Natasha Lyonne as Nadia in the show Russian Doll on Netflix. Photo courtesy of Netflix. 

Earlier this spring, we binged the series Russian Doll on Netflix, produced and starring Natasha Lyonne, and it was amazing. We thought we would do our typical filming locations treatment of the show, but at the time we were not sure if the show was going to have another season. Well, it is! And the first season has just been nominated for 13 Emmy awards.

There are many things to love about Russian Doll: It’s set and filmed almost entirely in the East Village and Lower East Side. It’s definitely a show that takes a concept many of us have thought about – what if we lived in multiple realities and died in some of them, and didn’t in others? But Russian Doll does it creatively and smartly. You’ll find yourselves surprised with every episode, laughing literally out loud and impressed by how well the show’s writers have captured New York City and its quirky denizens. Plus, have to respect a show that manages to weave in a main storyline about bodega cats.

Russian Doll also stars Chloë Sevigny as Lyonne’s mom in flashbacks, Greta Lee from High Maintenance, Dasha Polanco from When They See Us and Orange is the New Black, Charlie Barnett, and more. The premise: Repeatedly, we see Lyonne as Nadia, staring in the bathroom mirror at her 36th birthday party, hosted by Maxine (played by Lee). She turns off the water while there are repeated knocks on the door. The door itself is a trippy art piece made by Nadia and Maxine’s friend Lizzy. Maxine clicks a revolver which is actually the door handle, opens the door as the song “Gotta Get Up” by Harry Nilsson starts playing. She walks through the party saying hello to friends and ends at the kitchen island where Maxine says “Hey Birthday Baby!,” and offers her a joint she says is “laced with cocaine like the Israelis do it.” But strange things happen — and it has more to do than drugs — and this scene which repeats becomes more of a horror each time it takes place. A lot of other odd things happen, which may make you watch your step as you walk through the East Village. So without further ado, here are some of the really unique film locations featured in Russian Doll:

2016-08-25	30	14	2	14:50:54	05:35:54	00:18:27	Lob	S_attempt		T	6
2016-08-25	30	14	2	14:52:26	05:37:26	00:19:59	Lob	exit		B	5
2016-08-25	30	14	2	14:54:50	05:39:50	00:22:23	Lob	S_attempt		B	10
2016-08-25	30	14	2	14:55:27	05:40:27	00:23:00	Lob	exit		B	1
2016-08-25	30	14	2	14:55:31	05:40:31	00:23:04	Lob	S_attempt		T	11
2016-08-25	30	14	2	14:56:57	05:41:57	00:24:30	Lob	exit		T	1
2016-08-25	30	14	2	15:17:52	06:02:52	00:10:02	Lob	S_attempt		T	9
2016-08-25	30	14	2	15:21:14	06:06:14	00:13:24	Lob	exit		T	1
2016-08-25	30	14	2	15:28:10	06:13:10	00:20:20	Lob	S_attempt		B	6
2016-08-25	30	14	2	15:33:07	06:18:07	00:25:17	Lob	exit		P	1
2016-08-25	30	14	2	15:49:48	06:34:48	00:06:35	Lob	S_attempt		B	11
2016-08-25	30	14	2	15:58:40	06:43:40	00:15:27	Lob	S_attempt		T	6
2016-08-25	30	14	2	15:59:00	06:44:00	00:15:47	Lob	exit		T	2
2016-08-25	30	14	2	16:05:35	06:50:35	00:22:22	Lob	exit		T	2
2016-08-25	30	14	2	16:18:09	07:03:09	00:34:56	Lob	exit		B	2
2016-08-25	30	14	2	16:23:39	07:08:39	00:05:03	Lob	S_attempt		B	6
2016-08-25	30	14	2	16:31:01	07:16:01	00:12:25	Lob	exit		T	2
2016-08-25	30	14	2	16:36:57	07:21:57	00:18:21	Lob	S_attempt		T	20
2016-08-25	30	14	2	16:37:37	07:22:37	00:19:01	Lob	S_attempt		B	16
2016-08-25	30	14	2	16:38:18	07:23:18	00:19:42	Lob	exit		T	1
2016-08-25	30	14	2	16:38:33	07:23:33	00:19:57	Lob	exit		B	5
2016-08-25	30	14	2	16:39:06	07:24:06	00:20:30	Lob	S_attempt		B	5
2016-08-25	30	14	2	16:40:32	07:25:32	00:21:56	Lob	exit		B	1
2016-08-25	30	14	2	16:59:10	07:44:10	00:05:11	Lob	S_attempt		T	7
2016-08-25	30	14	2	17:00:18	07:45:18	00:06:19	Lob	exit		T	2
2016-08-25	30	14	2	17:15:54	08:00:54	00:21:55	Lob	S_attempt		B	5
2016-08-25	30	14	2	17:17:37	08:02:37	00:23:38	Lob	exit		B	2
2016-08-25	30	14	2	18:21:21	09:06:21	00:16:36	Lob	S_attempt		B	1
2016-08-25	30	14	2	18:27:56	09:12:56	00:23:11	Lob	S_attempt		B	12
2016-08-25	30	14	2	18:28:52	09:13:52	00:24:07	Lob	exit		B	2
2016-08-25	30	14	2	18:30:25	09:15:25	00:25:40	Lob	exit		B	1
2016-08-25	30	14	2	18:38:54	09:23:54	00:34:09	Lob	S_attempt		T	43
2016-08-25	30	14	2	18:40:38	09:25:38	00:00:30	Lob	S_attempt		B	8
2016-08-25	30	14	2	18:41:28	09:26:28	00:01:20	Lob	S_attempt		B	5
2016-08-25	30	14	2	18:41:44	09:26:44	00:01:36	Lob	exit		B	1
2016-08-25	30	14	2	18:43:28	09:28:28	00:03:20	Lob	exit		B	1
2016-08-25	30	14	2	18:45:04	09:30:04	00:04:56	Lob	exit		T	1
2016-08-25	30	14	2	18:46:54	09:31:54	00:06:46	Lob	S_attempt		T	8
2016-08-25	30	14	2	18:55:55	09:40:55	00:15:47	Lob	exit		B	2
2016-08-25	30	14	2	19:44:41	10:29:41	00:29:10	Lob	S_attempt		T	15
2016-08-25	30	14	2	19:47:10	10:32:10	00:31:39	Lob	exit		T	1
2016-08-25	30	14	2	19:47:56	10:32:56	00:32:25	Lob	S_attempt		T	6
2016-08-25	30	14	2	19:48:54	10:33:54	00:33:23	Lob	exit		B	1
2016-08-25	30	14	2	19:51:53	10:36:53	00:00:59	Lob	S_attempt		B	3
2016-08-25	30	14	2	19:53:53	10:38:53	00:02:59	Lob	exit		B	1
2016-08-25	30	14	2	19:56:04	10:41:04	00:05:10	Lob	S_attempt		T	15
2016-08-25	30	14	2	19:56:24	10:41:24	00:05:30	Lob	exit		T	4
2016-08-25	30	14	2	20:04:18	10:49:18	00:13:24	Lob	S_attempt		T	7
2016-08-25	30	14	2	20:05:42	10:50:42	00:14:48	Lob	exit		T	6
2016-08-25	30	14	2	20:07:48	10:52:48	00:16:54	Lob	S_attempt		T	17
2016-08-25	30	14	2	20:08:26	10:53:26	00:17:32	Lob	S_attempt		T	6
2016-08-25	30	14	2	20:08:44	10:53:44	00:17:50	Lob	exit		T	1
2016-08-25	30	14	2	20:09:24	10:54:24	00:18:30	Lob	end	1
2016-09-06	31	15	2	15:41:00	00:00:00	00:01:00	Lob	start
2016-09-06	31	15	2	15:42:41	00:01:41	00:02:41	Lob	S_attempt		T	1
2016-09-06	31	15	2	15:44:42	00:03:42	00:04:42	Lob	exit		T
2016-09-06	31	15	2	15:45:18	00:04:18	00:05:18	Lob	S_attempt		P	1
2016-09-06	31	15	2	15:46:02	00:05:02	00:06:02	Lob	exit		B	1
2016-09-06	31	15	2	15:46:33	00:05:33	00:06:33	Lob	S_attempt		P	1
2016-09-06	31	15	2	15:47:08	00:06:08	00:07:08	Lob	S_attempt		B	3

1. St. Nicholas Carpatho Church

Photo courtesy of Netflix

Much of the action takes place in a brick building at the corner of Tompkins Square Park, at the intersection of 8th Street and Avenue B. This building is the St. Nicholas Carpatho Church at 288 E 10th Street, which is still in operation. The interior appears to be a set. In the show, it is said to be a former yeshiva, which could be similar to a building on the other side of Tompkins Square Park at 295 E. 8th Street, the former East Side Hebrew Institute, a Jewish Day School founded in 1910 and located here from 1928 to 1974. The decline of the neighborhood in the 1970s necessitated a move to Gramercy Park to maintain enrollment. The building was converted into condos and offices, and kudos to the script writers for actually including dialogue that speaks to the history of the buildings in the area and making those true facts a key part of the story line.

2. Anwar Grocery

The bodega at 94 Avenue B is a pivotal location for Russian Doll. Like the birthday party, Nadia keeps coming back here. In the first scenario, she leaves the party with Mike, whom she just met. They go to this bodega, filmed at Sunny & Annie’s Deli at 94 Avenue B  where he gets lambskin condoms, she gets Red Bull, cigarettes and some cat food. Farran who works at the bodega brings in a very drunk Alan (played by Charlie Barnett), whom we see for the first time. Nadia asks if Farran has seen her cat Oatmeal, who does a typical loop between her apartment, the park and the deli.

After Nadia and Mike hook up, she orders him an Uber, and gets to work as a video game coder. She runs out of cigarettes, heads back to the bodega, spots Oatmeal across the street, and gets hit by a cab. End scenario one. The deli has particular meaning to Nadia, as we see in a flashback scene with her mother played by Chloe Sevigny.

3. Horseshoe Bar

The loop begins again, but this time at the party she meets Mike but weirds him out by the things she knows about him already. She ditches him and runs into her ex-boyfriend John Reyes, who offers to help her find her cat. They walk past the deli, which is next to the bar 7B, on the corner of 7th Street and Avenue B.